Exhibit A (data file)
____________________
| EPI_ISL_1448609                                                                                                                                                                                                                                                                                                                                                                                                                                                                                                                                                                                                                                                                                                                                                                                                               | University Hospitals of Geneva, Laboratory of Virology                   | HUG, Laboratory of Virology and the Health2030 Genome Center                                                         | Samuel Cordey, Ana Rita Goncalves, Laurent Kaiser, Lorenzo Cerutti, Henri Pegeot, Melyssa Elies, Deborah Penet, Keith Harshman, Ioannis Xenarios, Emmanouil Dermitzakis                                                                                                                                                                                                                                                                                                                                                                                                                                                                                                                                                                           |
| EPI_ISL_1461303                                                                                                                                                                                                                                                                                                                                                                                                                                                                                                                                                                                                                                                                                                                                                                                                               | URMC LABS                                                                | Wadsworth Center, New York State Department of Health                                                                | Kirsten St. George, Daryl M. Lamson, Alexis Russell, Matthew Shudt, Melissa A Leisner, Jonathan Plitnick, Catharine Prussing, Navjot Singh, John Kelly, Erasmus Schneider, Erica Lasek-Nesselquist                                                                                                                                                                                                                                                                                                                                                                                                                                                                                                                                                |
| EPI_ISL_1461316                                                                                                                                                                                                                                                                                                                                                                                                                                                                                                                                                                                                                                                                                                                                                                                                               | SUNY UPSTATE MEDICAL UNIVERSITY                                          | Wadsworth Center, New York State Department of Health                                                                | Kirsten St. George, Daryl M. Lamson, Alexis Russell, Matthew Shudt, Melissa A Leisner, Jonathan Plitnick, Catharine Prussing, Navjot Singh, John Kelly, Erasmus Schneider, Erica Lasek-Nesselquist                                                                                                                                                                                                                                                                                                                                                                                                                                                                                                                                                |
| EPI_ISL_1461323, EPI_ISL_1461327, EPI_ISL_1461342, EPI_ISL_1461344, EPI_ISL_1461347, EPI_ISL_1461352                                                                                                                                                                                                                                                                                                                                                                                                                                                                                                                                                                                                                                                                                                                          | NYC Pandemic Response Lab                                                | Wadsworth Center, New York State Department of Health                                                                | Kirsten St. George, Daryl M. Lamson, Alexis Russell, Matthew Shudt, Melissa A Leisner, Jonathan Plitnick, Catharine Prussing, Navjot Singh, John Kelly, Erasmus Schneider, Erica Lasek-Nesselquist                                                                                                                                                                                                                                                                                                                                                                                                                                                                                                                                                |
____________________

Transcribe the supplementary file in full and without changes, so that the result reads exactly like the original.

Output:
| EPI_ISL_1448609                                                                                                                                                                                                                                                                                                                                                                                                                                                                                                                                                                                                                                                                                                                                                                                                               | University Hospitals of Geneva, Laboratory of Virology                   | HUG, Laboratory of Virology and the Health2030 Genome Center                                                         | Samuel Cordey, Ana Rita Goncalves, Laurent Kaiser, Lorenzo Cerutti, Henri Pegeot, Melyssa Elies, Deborah Penet, Keith Harshman, Ioannis Xenarios, Emmanouil Dermitzakis                                                                                                                                                                                                                                                                                                                                                                                                                                                                                                                                                                           |
| EPI_ISL_1461303                                                                                                                                                                                                                                                                                                                                                                                                                                                                                                                                                                                                                                                                                                                                                                                                               | URMC LABS                                                                | Wadsworth Center, New York State Department of Health                                                                | Kirsten St. George, Daryl M. Lamson, Alexis Russell, Matthew Shudt, Melissa A Leisner, Jonathan Plitnick, Catharine Prussing, Navjot Singh, John Kelly, Erasmus Schneider, Erica Lasek-Nesselquist                                                                                                                                                                                                                                                                                                                                                                                                                                                                                                                                                |
| EPI_ISL_1461316                                                                                                                                                                                                                                                                                                                                                                                                                                                                                                                                                                                                                                                                                                                                                                                                               | SUNY UPSTATE MEDICAL UNIVERSITY                                          | Wadsworth Center, New York State Department of Health                                                                | Kirsten St. George, Daryl M. Lamson, Alexis Russell, Matthew Shudt, Melissa A Leisner, Jonathan Plitnick, Catharine Prussing, Navjot Singh, John Kelly, Erasmus Schneider, Erica Lasek-Nesselquist                                                                                                                                                                                                                                                                                                                                                                                                                                                                                                                                                |
| EPI_ISL_1461323, EPI_ISL_1461327, EPI_ISL_1461342, EPI_ISL_1461344, EPI_ISL_1461347, EPI_ISL_1461352                                                                                                                                                                                                                                                                                                                                                                                                                                                                                                                                                                                                                                                                                                                          | NYC Pandemic Response Lab                                                | Wadsworth Center, New York State Department of Health                                                                | Kirsten St. George, Daryl M. Lamson, Alexis Russell, Matthew Shudt, Melissa A Leisner, Jonathan Plitnick, Catharine Prussing, Navjot Singh, John Kelly, Erasmus Schneider, Erica Lasek-Nesselquist                                                                                                                                                                                                                                                                                                                                                                                                                                                                                                                                                |